Good books can be read on many levels. Such is very true for a book due to ship New Year’s Eve – The Happiest Life: Seven Gifts, Seven Givers, and the Secret to Genuine Success by Hugh Hewitt. I recommend this book in the strongest possible terms – hit the link and order it now.
But let’s talk about the levels. On the one level this is an eminently readable and delightful collection of stories from the life of a very interesting man in politics, government service, the legal profession and media. It is a light little airy read that will leave a smile on your face – an enjoyable two or three hours. This is the perfect airplane book. If it stopped there it would be a success, but it does not.
On the second level it is memoir. Wikipedia says this about a memoir:
Memoir is more about what can be gleaned from a few years or a moment in the life of the author, than from the author’s life as a whole.
In this case, what can be gleaned is revealed in the title. Beginning with the virtue of courage and proceeding to a call to generosity born of that courage, one learns to see life as a series of gifts both given and received. In doing so one’s perception is altered. Rather than seeing life as a series of duties and burdens, we come to appreciate the blessings that are in our lives on a daily basis. Hewitt finds gifts in the large and the small – the mundane and the glorious. In the discovery of those blessings we find ourselves happy.
On this level this book is memoir at its finest. It is not an exercise in the ego of the author, picking and choosing vignettes designed to paint the author in a good light, and stroke his insatiable need for praise. Rather, the author uses stories of his experience to draw us to a lesson we need to learn, with all appropriate humility.
Which brings me to the third level. Sometimes good books transcend the authors intent and I think that is true in the case of this book. This book reveals two deep mysteries of the Christian faith. Hewitt is not shy in the book about discussing his deeply held faith, but he also admits extensively to not being able to explain nor even understand much of it. He seems to simply know that it works.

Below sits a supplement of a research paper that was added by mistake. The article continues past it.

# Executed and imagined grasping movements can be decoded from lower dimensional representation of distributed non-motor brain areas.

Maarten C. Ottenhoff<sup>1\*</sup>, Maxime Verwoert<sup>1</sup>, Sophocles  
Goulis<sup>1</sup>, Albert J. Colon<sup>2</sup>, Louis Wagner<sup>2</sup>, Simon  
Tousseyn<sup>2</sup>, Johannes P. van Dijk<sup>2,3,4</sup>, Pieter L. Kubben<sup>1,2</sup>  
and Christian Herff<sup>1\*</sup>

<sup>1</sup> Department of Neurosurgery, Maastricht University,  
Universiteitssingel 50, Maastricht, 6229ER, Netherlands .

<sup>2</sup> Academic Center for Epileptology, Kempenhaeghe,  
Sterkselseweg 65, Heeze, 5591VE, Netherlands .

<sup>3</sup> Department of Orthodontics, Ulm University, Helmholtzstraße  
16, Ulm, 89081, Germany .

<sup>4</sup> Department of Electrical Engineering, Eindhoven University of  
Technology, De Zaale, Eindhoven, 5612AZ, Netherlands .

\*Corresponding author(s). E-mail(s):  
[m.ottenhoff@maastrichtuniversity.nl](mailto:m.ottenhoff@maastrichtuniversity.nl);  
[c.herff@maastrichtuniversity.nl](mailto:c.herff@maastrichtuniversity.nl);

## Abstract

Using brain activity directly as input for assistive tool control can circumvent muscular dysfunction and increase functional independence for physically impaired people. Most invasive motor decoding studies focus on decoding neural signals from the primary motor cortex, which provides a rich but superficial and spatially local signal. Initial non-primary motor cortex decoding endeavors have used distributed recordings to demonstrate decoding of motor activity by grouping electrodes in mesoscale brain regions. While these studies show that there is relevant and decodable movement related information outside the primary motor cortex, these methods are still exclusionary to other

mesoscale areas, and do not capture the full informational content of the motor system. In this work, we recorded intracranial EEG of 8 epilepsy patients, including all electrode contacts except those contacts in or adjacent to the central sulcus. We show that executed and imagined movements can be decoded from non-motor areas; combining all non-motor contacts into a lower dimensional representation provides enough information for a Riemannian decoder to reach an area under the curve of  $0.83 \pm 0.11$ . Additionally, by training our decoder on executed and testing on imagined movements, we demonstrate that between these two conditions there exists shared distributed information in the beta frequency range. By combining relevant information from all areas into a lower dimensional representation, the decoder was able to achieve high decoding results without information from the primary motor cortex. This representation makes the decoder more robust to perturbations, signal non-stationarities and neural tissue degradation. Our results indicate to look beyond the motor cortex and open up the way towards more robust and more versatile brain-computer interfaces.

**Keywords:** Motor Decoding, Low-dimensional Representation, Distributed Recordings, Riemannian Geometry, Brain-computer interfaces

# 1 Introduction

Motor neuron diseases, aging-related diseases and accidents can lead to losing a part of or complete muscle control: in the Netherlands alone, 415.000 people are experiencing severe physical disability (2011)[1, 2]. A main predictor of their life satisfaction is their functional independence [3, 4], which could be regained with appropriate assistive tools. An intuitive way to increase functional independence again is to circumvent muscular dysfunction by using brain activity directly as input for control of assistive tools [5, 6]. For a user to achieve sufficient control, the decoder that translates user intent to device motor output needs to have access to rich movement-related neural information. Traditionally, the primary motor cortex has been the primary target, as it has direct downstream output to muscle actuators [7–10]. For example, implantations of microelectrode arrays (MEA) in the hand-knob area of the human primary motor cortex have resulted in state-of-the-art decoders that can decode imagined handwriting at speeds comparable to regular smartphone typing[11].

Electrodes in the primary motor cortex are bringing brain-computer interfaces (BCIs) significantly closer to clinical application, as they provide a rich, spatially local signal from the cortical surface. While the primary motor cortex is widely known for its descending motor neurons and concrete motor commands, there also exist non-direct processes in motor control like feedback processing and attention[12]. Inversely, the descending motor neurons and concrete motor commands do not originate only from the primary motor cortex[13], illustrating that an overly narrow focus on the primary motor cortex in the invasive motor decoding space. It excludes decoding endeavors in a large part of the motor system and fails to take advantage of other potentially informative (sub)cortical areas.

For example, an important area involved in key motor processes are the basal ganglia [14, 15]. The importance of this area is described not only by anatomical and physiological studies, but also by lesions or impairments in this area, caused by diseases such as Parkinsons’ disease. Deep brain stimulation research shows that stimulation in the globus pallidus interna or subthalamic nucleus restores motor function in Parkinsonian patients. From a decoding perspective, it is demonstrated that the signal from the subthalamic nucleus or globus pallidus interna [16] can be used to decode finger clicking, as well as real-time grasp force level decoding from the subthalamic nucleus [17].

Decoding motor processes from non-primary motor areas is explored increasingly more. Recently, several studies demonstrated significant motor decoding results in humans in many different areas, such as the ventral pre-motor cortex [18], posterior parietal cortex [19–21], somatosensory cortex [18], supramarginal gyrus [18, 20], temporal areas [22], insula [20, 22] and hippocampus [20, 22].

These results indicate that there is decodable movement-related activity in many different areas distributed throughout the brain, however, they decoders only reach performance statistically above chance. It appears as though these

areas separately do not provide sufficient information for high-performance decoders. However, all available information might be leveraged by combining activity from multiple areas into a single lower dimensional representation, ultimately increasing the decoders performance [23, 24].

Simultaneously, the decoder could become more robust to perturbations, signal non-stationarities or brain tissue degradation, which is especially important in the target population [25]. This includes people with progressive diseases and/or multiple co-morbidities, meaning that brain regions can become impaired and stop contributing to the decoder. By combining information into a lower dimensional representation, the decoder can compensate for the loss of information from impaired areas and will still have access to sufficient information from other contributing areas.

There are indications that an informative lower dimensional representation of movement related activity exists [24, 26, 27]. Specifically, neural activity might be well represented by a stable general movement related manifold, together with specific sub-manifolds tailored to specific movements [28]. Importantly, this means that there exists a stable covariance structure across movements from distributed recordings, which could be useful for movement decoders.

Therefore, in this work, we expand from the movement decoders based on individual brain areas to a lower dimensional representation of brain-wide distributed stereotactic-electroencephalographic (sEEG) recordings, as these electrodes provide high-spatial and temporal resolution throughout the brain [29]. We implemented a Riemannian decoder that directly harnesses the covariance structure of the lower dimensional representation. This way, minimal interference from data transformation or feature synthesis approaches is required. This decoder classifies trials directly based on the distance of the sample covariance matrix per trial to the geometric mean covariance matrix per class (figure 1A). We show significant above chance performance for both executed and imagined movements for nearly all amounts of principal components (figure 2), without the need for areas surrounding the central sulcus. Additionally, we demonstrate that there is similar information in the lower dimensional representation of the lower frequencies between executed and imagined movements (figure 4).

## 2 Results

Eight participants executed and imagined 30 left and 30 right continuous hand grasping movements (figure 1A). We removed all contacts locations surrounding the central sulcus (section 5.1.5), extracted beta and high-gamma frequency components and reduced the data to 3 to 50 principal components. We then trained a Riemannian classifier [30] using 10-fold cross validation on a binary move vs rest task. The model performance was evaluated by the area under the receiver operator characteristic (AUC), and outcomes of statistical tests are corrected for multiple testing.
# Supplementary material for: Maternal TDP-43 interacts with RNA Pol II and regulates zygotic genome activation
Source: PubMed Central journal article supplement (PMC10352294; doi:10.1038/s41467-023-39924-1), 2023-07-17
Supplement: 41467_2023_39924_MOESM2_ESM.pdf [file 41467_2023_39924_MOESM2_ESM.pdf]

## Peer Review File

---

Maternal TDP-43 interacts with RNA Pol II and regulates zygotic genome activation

The first mystery revealed in this book is that in giving, regardless of the situation, we receive. This I do think the author intended us to see. This is a lesson of scripture and one plainly illustrated throughout the book. This is a mystery that we see revealed in literature throughout the ages. The great story of this season, Dickens’ “A Christmas Carol,” is one such example. “The Gifts of the Christ Child” by George MacDonald is another example of a story in which gifts are given in the most tragic of circumstances. This is a mystery because of the deep contradiction within, the giving discussed is not transactional. There is no quid pro quo. There is simply giving. And blessing simply flows.
But it is in Hewitt’s disclaimer of theological understanding of this first mystery that the second deeper mystery is revealed. That is the mystery of the Christmas season – the mystery of incarnation. Some matters are not subject to our understanding – we can see them, we can know their truth, but we cannot understand them. Thus it was necessary for God to incarnate to show us these mysteries. Not teach them to us, but show them to us. By showing us the first mystery, Hewitt reveals to us the second.
Hewitt has said repeatedly on his radio program that he wanted this book released on December 31 so that people could use it in the formation of the New Year’s resolutions. This is admirable and all of us will be greatly benefited by resolving to be more giving of the seven gifts in 2014. But this is also a Christmas book.
It is a one part of the Christian life – one that cannot be taught – well illustrated.